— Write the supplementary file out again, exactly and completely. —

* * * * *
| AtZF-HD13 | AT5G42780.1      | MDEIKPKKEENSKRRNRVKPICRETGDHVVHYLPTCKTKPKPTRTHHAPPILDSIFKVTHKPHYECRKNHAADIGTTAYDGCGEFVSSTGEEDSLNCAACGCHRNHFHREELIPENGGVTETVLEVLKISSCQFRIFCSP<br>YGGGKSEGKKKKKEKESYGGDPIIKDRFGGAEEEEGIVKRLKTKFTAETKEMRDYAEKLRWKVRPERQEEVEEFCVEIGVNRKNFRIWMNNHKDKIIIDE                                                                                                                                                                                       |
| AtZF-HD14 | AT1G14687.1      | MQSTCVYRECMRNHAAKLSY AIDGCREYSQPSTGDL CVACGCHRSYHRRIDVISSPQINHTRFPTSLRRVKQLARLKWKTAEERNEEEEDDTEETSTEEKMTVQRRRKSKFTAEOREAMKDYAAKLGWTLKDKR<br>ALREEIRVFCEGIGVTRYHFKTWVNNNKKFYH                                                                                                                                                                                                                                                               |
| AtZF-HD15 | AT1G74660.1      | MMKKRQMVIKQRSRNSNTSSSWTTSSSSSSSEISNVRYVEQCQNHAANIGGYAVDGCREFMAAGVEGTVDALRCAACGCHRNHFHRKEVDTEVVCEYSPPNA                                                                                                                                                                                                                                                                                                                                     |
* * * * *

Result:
| AtZF-HD13 | AT5G42780.1      | MDEIKPKKEENSKRRNRVKPICRETGDHVVHYLPTCKTKPKPTRTHHAPPILDSIFKVTHKPHYECRKNHAADIGTTAYDGCGEFVSSTGEEDSLNCAACGCHRNHFHREELIPENGGVTETVLEVLKISSCQFRIFCSP<br>YGGGKSEGKKKKKEKESYGGDPIIKDRFGGAEEEEGIVKRLKTKFTAETKEMRDYAEKLRWKVRPERQEEVEEFCVEIGVNRKNFRIWMNNHKDKIIIDE                                                                                                                                                                                       |
| AtZF-HD14 | AT1G14687.1      | MQSTCVYRECMRNHAAKLSY AIDGCREYSQPSTGDL CVACGCHRSYHRRIDVISSPQINHTRFPTSLRRVKQLARLKWKTAEERNEEEEDDTEETSTEEKMTVQRRRKSKFTAEOREAMKDYAAKLGWTLKDKR<br>ALREEIRVFCEGIGVTRYHFKTWVNNNKKFYH                                                                                                                                                                                                                                                               |
| AtZF-HD15 | AT1G74660.1      | MMKKRQMVIKQRSRNSNTSSSWTTSSSSSSSEISNVRYVEQCQNHAANIGGYAVDGCREFMAAGVEGTVDALRCAACGCHRNHFHRKEVDTEVVCEYSPPNA                                                                                                                                                                                                                                                                                                                                     |